The Drum spoke to four industry experts from Business Insider. Trust Metrics, SalientMG and Beller Tech, who are also judges for The Drum Digital Trading Awards USA 2018, on what areas of transparency are either lost or problematic in the industry right now.
Jana Meron, senior vice president, programmatic and data strategy, Business Insider
The biggest problem with regards to transparency is the lack of standardization across platforms. While DSP and SSP technologies continue to optimize programmatic media buying, they’ve also made true costs harder to pinpoint.
Right now, if you were to compare SSP and DSP reports, you’d find varying results, not just from a revenue perspective, but also from a brand perspective. SSPs and DSPs categorize companies and their brands differently, making it difficult to align advertisers’ brands. Inconsistencies also make it challenging to match up dollars from one platform to another.
The media buying process has become more and more complex as platform intermediaries are introduced, blurring the spend flow from start to finish and making ROI more difficult to calculate.
Marc Goldberg, chief executive officer, Trust Metrics
Most advertisers consider a quality site in “brand safety” as just the absence of hate, porn, and other evils. Quality is the presence of good publishing features. Brands need to revisit the 101 of advertising and align with quality (which can be subjective), then optimize any KPIs that don’t improve on their own. This happens a lot with viewability, where brands run toward high clutter and slide show sites designed to achieve viewability, while walking away from publications that put users first. Brands assume their numbers provide transparency, but a spreadsheet can’t disclose the poor environment these viewable ads are served in. Viewability is a measurement, not a target. Quality is the target; measure viewability second.
Mack McKelvey, founder, SalientMG
Ad fraud and brand safety are extremely important issues affecting every advertising and marketing professional today. However, transparency in mobile location data should be getting more attention. All sorts of brands rely on consumer foot traffic information to measure mobile ad performance, understand ebbs and flows in customer behavior and learn more about demographics of people visiting business locations. But not many marketing professionals realize, for instance, that their decisions to run mobile ads in-app or on the mobile web can have a huge impact on how precisely the ads are measured. There’s a lot of complexity that should be made more transparent to marketers.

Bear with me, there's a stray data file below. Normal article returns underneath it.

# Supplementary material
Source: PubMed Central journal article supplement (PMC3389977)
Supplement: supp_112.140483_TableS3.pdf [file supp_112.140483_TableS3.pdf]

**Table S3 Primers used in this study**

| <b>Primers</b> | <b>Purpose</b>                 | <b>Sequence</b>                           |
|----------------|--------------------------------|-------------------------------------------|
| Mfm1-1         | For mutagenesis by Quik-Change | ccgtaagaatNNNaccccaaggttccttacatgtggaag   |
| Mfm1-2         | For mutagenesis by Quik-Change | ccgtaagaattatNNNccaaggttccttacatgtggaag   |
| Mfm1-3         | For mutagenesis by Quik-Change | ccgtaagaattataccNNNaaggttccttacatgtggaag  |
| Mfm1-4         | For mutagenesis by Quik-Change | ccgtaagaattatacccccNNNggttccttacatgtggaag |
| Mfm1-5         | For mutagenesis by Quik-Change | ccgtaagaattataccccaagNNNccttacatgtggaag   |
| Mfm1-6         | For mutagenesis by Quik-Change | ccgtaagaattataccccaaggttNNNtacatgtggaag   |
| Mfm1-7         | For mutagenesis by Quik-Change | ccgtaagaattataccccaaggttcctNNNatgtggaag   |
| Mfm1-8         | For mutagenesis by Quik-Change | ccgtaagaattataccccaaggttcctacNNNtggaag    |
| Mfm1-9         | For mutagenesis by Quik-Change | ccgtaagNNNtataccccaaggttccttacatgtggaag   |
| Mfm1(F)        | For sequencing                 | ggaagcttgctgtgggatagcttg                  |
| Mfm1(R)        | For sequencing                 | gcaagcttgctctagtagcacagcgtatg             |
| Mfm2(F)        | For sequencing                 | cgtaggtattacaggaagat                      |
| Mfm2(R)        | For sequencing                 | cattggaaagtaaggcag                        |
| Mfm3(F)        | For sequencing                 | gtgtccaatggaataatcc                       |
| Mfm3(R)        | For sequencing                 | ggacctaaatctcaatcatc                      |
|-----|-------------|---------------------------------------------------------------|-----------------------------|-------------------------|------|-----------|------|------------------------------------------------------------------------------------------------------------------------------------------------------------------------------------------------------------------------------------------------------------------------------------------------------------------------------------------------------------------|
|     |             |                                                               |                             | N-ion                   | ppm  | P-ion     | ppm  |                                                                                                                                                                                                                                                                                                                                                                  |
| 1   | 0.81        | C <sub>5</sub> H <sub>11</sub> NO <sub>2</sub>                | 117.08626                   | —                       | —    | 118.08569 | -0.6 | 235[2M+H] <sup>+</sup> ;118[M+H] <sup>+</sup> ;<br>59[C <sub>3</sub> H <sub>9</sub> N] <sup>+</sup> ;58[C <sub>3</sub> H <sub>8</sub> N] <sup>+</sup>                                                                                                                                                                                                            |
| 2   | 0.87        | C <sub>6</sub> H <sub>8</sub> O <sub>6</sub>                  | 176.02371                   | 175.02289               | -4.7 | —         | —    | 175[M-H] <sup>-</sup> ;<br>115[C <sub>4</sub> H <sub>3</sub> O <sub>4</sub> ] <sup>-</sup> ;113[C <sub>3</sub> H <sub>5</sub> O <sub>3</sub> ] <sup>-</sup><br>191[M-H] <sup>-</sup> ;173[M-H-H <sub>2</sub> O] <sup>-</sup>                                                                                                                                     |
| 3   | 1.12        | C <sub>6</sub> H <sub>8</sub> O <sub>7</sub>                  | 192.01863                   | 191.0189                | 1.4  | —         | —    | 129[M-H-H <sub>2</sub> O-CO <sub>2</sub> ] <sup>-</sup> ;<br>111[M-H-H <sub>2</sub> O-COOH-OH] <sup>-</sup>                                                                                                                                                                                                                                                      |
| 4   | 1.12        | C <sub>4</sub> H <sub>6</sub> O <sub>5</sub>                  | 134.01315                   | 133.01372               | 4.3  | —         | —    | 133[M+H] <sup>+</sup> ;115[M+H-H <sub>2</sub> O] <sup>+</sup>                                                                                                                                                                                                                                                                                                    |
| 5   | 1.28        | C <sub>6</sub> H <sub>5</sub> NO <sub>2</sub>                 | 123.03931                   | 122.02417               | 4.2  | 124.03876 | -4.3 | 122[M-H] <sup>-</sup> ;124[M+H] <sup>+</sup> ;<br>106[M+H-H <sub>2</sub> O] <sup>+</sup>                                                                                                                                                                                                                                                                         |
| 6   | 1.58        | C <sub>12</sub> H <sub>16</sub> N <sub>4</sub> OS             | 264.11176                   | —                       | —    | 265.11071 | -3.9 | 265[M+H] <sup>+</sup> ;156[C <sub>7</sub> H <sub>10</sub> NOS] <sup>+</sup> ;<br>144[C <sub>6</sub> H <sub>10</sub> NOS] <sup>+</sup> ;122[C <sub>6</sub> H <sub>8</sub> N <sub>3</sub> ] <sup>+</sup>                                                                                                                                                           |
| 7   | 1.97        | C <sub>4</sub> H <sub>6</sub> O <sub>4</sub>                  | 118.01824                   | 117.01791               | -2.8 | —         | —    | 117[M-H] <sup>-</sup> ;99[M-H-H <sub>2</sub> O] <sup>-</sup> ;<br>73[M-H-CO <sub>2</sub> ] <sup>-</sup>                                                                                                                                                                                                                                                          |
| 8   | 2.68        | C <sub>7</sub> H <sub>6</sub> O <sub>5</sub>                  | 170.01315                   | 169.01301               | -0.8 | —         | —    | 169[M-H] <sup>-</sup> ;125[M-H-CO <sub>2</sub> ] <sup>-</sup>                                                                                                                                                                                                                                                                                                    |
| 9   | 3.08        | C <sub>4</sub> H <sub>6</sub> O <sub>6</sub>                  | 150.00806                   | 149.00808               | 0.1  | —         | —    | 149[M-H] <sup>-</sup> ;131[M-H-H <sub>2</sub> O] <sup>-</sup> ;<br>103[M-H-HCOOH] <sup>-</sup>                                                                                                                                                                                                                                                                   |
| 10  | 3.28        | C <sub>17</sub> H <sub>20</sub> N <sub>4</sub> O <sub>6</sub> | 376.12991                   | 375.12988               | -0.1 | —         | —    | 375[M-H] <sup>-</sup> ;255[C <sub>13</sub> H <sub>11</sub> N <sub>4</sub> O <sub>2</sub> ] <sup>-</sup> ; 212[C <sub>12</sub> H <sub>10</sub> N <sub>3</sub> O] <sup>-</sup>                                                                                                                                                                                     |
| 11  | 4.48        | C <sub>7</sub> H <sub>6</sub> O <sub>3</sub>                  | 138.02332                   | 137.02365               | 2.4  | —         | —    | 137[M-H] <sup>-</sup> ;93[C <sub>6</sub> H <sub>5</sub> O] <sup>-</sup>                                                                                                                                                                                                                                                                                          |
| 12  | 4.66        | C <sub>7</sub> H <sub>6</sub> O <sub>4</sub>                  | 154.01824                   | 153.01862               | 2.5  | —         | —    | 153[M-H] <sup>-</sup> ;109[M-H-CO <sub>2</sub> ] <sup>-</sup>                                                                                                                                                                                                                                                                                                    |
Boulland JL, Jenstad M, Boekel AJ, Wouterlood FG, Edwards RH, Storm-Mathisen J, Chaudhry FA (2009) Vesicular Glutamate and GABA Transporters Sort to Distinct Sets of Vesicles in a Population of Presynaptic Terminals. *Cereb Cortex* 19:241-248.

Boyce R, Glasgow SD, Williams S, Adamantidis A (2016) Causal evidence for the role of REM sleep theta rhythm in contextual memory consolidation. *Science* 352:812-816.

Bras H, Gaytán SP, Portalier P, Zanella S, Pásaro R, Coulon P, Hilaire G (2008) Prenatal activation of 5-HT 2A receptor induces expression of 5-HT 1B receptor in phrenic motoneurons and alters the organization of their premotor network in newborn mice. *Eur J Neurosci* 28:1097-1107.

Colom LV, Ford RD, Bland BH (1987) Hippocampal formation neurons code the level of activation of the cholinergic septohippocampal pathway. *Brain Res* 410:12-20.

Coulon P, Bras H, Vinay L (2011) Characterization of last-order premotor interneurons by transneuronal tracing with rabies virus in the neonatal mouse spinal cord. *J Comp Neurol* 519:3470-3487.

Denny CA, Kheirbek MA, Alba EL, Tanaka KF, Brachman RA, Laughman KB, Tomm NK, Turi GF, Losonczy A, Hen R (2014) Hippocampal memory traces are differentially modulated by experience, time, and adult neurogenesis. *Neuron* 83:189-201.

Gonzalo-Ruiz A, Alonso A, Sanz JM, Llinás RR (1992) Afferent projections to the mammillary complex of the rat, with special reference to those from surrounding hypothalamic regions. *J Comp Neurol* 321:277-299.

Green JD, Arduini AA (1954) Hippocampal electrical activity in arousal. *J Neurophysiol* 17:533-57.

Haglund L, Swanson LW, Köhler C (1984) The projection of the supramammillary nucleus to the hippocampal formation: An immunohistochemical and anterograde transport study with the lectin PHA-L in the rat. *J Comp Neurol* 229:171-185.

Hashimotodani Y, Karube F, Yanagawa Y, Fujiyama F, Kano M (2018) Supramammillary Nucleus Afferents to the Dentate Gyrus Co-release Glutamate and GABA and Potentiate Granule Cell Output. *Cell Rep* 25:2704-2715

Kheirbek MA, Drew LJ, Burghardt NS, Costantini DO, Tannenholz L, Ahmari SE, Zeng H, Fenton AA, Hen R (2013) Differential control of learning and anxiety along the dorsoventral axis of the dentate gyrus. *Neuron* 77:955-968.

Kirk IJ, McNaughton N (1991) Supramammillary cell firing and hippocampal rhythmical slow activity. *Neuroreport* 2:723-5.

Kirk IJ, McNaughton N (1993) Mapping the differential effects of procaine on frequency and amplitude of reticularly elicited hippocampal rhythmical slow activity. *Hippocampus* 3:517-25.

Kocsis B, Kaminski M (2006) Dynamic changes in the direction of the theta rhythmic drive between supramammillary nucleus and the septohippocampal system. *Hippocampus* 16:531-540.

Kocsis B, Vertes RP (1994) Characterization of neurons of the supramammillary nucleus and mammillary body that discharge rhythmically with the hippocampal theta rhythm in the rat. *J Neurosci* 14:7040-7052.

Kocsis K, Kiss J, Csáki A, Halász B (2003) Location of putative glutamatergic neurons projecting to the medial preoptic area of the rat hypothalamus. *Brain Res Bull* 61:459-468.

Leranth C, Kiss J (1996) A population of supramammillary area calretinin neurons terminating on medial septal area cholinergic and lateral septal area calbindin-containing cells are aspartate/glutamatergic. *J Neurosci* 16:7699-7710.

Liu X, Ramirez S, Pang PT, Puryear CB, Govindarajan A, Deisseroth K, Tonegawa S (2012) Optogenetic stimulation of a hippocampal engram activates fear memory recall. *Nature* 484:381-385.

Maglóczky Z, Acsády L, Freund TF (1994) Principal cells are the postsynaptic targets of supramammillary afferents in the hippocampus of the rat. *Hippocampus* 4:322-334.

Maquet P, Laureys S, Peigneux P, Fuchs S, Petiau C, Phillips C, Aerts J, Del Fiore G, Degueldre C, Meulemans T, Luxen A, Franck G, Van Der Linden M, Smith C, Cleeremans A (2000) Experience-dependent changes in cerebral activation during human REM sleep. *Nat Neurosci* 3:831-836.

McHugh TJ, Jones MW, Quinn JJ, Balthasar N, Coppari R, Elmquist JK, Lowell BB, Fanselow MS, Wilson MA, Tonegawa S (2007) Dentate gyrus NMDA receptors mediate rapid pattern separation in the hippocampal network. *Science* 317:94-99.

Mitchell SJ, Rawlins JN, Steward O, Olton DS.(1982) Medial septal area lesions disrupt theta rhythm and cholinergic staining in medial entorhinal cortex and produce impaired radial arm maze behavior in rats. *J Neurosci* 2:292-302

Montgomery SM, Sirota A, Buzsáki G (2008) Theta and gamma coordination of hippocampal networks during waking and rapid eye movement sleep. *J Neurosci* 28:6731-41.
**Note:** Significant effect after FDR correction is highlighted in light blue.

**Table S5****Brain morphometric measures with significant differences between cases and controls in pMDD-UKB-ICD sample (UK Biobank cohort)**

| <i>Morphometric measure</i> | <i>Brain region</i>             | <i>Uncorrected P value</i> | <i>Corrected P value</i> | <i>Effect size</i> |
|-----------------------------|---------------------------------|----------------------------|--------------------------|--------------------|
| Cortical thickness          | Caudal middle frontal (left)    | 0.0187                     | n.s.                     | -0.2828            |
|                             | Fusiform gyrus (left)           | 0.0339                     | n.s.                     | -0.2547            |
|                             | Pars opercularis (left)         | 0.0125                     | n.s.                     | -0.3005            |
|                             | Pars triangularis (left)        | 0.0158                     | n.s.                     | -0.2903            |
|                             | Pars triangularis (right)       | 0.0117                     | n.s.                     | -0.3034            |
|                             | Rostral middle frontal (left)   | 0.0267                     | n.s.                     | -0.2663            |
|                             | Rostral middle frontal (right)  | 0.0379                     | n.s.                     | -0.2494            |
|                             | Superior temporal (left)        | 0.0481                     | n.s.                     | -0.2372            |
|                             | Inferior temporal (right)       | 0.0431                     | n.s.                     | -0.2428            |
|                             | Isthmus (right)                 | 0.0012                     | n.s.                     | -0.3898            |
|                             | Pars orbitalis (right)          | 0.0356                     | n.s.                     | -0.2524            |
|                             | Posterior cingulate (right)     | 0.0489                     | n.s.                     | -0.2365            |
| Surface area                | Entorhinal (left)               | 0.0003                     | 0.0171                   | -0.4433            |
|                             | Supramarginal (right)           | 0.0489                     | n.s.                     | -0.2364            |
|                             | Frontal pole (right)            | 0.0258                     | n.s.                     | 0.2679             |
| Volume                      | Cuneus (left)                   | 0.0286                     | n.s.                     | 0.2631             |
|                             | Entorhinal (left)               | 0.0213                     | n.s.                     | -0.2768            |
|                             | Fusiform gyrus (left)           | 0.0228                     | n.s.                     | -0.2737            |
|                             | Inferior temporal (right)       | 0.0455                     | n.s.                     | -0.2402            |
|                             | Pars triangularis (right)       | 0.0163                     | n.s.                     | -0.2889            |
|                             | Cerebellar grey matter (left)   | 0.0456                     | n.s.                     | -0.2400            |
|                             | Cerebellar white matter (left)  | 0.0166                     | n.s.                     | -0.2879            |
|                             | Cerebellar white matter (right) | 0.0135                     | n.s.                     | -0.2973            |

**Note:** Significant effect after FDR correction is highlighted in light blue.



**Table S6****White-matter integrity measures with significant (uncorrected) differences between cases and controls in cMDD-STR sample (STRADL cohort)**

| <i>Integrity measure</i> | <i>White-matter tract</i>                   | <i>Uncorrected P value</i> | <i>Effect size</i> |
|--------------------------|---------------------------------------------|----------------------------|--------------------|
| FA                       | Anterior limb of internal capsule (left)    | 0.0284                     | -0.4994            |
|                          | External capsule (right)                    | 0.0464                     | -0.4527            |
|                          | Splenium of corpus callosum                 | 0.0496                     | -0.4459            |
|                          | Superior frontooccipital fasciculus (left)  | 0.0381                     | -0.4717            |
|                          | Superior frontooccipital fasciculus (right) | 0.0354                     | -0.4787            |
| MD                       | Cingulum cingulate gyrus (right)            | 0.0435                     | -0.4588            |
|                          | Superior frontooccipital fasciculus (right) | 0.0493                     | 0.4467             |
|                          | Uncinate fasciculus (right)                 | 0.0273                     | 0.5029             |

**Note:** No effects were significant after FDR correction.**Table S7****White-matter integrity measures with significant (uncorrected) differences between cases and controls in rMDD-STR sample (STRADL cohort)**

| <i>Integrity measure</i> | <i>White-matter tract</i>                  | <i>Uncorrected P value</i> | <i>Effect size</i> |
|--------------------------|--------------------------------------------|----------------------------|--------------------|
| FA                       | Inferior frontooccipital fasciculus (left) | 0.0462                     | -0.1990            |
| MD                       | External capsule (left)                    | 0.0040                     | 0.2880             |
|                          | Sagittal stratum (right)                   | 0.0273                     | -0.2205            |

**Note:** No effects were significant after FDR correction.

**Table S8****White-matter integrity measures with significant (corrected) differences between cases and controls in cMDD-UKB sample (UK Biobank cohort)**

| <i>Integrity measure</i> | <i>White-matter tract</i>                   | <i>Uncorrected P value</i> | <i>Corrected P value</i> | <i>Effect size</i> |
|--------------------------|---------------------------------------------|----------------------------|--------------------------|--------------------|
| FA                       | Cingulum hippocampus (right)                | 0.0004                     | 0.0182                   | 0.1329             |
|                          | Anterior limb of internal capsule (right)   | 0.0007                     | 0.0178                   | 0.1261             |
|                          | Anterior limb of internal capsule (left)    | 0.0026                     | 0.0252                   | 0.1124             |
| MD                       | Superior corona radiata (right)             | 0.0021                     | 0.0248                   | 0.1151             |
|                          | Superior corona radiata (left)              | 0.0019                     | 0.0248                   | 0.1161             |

Rob Beeler, founder, Beeler Tech
Some of the solutions that bring transparency also add to the lack of it. During a research project for the 614 Group we found that agencies and publishers assumed that if they used the same vendor, both parties would see the same numbers. That’s often not true. Solutions that serve both buyers and sellers often report different numbers to each side because of how and why they count events like viewable impressions. This causes confusion, discrepancies and a lack of transparency from solutions whose purpose is to bring transparency to the market.
Meron, Goldberg, McKelvey and Beeler are all judges for The Drum Digital Trading Awards USA. The entry deadline is Thursday 30 August, download your entry pack now and show the industry the outstanding work you have been producing.
Headline sponsor of these awards are MiQ
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Renault is set to run Henry idents on Sky Sports Premier League coverage, showcasing Clio, Captur and Megane RS. It will tap into nostalgia for the strikers’ glory days using the classic strapline.
At the height of his power in 2002, the Frenchman, who was capped 123 times by his nation, signed on to underline the sleek appeal of Renault’s cars. He starred in the ads alongside his at the time girlfriend Claire Merry.
After the success of the campaign, va va voom was entered into the Oxford Dictionary. It means: “The quality of being exciting, vigorous, or sexually attractive.” During the ad’s original run, as Renault was touting its va va voom, Japanese Mazda was wowing audiences with its catchy ‘zoom, zoom, zoom’ strapline.
On his return to the Premier League and Sky Sports as the car brand’s ambassador, Henry said: “It feels great to reignite my long-stating ‘liaison’ with Renault, especially as I’m returning to the team during its first journey into football. Having played in stadiums across the world I know first-hand the passion fans have for both life and their favourite sport.